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Texas trees die amid ‘alarming’ insect invasion

An “alarming” invasive insect has been found in other areas of Texas, infesting and killing trees.

The invasive emerald ash borer (EAB) has been detected in Grayson, Hill, Hood, McLennan and Palo Pinto counties, the Texas A&M Forest Service reported in a statement.

The beetles are green and native to northeast Asia. They were first detected in North America in 2002 and have since become established in Michigan, Ontario in Canada, Indiana, Ohio, Maryland and Virginia. And now they are spreading even further across Texas. It is believed that in 2002 they arrived from China through wood from transport boxes.

As a wood-boring beetle, it lays its eggs in the bark of ash trees. When these eggs hatch, they embed themselves in the tree and feed on it.

ash borers
A file photo shows emerald ash borers in a hand. The species has been detected in several other counties in Texas.

ziggy1/Getty

As a result, these ash trees die. According to the Animal and Plant Health Inspection Service, they are causing the death and deterioration of the health of tens of millions of ash trees across the United States.

This is concerning as ash trees are very important to the North American ecosystem. They provide food and habitat for wildlife and are a vital feature of northern hardwood forests. Once EAB has infested the tree, it typically dies within two to five years.

“The spread of EAB to these counties is alarming,” Allen Smith, regional forest health coordinator for the Texas A&M Forest Service, said in a statement. “EAB is more likely to spread to adjacent counties, but the spread to McLennan County indicates that humans are transmitting EAB, which is preventable.”

The beetles were found after officials discovered adult specimens in each of the five boroughs in early May. After collection, they were sent to the U.S. Department of Agriculture (USDA) Animal and Plant Health Inspection Service, which then confirmed the species.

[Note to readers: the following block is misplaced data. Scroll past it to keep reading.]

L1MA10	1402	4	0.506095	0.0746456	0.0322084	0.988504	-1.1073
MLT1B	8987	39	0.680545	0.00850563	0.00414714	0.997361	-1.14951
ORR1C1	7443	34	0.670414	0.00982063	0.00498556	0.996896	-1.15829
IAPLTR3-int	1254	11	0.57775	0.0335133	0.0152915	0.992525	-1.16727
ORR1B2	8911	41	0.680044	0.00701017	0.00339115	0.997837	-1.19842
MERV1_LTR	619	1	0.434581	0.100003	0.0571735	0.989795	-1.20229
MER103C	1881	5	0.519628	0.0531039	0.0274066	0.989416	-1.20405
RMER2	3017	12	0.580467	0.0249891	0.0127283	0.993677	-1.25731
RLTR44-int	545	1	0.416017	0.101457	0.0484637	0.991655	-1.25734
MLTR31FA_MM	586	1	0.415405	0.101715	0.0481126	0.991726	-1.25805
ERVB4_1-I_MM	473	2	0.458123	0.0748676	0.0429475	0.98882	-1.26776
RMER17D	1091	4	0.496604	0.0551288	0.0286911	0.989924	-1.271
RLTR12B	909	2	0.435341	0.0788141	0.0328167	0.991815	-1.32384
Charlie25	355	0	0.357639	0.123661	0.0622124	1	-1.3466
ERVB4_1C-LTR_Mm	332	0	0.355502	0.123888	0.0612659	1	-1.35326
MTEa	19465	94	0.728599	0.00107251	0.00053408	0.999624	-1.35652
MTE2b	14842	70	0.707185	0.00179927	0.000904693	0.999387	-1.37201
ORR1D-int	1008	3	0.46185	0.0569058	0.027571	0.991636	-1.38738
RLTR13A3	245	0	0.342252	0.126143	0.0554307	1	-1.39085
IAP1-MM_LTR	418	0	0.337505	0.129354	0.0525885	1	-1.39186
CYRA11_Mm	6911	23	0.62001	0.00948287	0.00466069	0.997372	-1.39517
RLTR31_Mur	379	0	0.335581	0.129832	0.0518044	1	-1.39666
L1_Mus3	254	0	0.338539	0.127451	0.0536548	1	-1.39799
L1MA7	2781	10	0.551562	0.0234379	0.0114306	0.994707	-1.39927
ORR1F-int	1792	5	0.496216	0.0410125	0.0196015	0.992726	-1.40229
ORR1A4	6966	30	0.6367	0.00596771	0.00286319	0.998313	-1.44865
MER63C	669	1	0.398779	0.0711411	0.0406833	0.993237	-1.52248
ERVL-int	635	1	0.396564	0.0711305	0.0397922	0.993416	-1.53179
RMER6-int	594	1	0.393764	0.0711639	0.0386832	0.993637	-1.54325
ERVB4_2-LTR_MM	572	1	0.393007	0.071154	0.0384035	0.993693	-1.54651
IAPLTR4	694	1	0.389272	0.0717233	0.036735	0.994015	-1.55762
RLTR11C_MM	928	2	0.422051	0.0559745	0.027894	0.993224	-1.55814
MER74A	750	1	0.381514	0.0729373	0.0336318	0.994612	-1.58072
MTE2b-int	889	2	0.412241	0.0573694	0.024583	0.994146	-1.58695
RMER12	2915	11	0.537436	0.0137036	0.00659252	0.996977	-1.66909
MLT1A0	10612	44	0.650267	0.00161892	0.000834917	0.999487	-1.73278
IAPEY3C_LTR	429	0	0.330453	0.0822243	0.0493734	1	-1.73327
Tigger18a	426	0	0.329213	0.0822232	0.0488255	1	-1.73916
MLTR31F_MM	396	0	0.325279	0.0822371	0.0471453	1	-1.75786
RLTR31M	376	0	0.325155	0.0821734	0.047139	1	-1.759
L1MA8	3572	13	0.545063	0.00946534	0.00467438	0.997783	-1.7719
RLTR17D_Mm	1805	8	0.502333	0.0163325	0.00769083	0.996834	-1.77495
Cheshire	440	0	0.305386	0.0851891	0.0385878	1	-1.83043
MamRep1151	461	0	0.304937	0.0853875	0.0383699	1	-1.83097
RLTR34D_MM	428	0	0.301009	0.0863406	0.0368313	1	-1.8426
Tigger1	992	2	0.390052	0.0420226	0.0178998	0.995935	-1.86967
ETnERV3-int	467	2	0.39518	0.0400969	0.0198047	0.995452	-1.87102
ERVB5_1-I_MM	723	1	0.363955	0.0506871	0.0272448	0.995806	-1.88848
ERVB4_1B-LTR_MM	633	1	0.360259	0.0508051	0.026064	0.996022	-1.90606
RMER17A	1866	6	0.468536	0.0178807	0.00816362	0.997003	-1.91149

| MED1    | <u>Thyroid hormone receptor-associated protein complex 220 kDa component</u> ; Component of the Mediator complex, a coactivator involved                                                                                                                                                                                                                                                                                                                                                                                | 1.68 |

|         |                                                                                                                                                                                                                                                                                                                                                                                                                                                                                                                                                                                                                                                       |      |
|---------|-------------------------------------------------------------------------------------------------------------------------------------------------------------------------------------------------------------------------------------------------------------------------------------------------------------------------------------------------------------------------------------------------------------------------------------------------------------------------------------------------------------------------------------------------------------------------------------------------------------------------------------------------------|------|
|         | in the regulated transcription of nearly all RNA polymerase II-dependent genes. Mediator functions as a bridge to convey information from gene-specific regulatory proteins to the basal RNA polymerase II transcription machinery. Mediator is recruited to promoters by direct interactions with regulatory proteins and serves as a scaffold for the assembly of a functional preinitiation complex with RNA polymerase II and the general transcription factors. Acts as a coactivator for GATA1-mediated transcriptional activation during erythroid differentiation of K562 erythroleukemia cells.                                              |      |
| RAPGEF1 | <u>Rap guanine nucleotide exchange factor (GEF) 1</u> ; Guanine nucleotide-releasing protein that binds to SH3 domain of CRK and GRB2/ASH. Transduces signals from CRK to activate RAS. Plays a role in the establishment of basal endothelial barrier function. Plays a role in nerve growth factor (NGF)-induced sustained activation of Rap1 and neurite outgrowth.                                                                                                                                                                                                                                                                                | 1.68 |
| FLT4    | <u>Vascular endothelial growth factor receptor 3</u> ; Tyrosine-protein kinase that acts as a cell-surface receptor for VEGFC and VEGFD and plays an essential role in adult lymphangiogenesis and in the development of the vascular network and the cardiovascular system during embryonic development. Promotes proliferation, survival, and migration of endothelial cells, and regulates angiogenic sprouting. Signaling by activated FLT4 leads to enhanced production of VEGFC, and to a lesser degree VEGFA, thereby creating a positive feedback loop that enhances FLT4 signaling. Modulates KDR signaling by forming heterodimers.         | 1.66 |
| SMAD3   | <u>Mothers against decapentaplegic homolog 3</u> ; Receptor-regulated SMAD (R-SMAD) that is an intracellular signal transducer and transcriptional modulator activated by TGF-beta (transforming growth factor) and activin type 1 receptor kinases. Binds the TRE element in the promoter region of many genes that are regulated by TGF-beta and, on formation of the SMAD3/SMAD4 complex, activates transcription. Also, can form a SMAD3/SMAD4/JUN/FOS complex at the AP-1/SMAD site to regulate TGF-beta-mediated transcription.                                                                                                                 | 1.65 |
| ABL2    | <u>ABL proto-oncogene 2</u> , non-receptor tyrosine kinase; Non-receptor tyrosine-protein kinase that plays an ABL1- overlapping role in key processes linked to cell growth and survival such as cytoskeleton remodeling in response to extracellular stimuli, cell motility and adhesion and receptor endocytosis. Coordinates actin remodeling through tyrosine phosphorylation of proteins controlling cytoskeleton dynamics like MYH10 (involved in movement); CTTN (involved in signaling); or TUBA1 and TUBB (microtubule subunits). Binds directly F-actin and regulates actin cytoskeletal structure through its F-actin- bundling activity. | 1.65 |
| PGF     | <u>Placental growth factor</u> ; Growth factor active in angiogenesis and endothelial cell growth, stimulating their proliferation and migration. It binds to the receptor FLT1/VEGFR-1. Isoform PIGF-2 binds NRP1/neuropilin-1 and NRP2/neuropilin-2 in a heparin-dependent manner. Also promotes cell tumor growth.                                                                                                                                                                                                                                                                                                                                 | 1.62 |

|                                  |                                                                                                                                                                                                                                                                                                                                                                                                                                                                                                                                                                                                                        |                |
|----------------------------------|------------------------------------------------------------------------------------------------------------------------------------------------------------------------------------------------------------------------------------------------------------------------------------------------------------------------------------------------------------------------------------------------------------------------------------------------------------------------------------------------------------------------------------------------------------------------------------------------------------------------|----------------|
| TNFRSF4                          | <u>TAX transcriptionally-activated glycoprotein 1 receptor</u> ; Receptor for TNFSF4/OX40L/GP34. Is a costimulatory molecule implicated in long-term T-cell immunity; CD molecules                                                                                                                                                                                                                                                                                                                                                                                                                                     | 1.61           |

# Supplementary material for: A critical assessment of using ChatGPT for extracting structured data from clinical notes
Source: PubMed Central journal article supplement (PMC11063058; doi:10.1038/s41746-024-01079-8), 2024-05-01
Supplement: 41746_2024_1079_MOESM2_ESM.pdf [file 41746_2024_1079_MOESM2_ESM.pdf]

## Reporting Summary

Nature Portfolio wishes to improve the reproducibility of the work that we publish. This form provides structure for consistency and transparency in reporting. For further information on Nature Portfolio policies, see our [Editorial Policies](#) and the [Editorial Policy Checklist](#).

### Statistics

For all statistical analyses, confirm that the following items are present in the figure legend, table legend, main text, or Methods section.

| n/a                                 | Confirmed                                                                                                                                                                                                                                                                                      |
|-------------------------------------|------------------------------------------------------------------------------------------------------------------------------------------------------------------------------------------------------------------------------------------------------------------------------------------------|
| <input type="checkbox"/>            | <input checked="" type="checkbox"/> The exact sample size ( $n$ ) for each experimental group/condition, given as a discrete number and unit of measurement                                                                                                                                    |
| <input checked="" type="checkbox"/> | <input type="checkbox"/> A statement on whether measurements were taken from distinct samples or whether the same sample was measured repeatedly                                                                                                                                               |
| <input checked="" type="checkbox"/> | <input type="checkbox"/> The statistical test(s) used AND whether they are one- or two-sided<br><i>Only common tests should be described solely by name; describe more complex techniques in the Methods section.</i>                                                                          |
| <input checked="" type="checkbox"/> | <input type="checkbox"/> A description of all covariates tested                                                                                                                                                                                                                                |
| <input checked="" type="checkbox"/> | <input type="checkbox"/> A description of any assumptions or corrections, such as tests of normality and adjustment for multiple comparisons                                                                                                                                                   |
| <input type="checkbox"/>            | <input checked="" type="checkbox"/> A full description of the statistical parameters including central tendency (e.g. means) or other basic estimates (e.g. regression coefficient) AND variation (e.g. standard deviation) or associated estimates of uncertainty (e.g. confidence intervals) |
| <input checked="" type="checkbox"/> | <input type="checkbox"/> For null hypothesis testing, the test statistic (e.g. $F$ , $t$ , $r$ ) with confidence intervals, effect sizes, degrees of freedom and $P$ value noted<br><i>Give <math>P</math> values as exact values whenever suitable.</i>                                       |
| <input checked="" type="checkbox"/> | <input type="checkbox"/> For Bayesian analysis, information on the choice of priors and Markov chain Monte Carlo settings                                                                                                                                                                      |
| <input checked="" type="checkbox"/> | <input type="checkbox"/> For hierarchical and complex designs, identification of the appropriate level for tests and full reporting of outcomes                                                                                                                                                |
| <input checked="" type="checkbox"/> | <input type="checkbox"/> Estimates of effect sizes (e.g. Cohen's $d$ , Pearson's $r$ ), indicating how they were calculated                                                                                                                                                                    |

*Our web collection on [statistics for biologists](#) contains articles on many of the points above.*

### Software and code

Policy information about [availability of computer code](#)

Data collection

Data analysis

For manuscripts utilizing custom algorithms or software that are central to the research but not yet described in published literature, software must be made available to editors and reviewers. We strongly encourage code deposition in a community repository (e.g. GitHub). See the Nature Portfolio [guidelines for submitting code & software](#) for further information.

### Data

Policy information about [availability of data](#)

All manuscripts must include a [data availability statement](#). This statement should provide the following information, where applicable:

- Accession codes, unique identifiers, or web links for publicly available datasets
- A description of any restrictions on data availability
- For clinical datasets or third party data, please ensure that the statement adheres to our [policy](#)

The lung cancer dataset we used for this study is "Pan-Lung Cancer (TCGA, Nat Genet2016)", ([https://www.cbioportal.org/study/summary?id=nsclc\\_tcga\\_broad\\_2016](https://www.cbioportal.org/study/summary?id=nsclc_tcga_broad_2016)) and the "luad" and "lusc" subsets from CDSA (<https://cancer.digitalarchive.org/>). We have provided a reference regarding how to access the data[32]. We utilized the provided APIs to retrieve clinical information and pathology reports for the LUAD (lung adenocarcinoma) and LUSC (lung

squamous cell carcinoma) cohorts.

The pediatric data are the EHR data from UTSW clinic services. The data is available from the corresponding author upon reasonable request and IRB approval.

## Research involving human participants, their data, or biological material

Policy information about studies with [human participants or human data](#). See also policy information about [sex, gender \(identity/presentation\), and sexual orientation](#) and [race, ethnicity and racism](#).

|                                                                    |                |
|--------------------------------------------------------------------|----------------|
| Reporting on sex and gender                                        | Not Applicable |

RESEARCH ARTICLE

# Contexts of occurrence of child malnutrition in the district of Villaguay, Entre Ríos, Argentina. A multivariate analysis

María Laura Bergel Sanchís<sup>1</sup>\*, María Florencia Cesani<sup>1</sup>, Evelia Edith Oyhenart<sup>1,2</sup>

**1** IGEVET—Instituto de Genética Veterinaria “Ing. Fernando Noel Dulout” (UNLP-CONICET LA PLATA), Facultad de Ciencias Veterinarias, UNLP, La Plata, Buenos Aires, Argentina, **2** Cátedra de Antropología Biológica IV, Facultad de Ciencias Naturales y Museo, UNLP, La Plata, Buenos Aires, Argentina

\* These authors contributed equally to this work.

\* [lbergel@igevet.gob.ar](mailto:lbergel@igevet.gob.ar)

Invasive species like this are hugely damaging to ecosystems. Because they are not native to the local environment, they can drastically alter habitats and compete with other endemic species.

The Texas A&M Forest Service is trying to control the EAB population by setting traps each year.

“Since 2018, we have placed nearly 500 traps annually in central, eastern and northern Texas to observe the presence and movement of the insect,” Smith said in the release. “Both healthy and unhealthy ash trees are susceptible to EAB attack and have no natural resistance to the invasive insect.

“Without adequate proactive measures, mortality can be 100% in heavily infested areas, so early detection could improve our chances of controlling the pest.”

According to the USDA website, traps are hung on ash trees in the lower to mid canopy, at least 5 feet off the ground. When possible they are placed on the sunny side of the tree. If an EAB lands in a trap, it becomes trapped in the glue.

Once the insects are detected in an area of ​​Texas, the USDA initiates a quarantine of any ash material, to try to prevent further spread.

“There is no known way to stop the spread of EAB,” said Demian Gómez, regional forest health coordinator for the Texas A&M Forest Service. “But we can help communities minimize losses, diversify their tree species, and increase the health and resilience of urban forests.”

Following this most recent spread, the Texas A&M Forest Service will continue trying to prevent the insects from establishing themselves in other areas, in addition to helping already affected communities, they reported.

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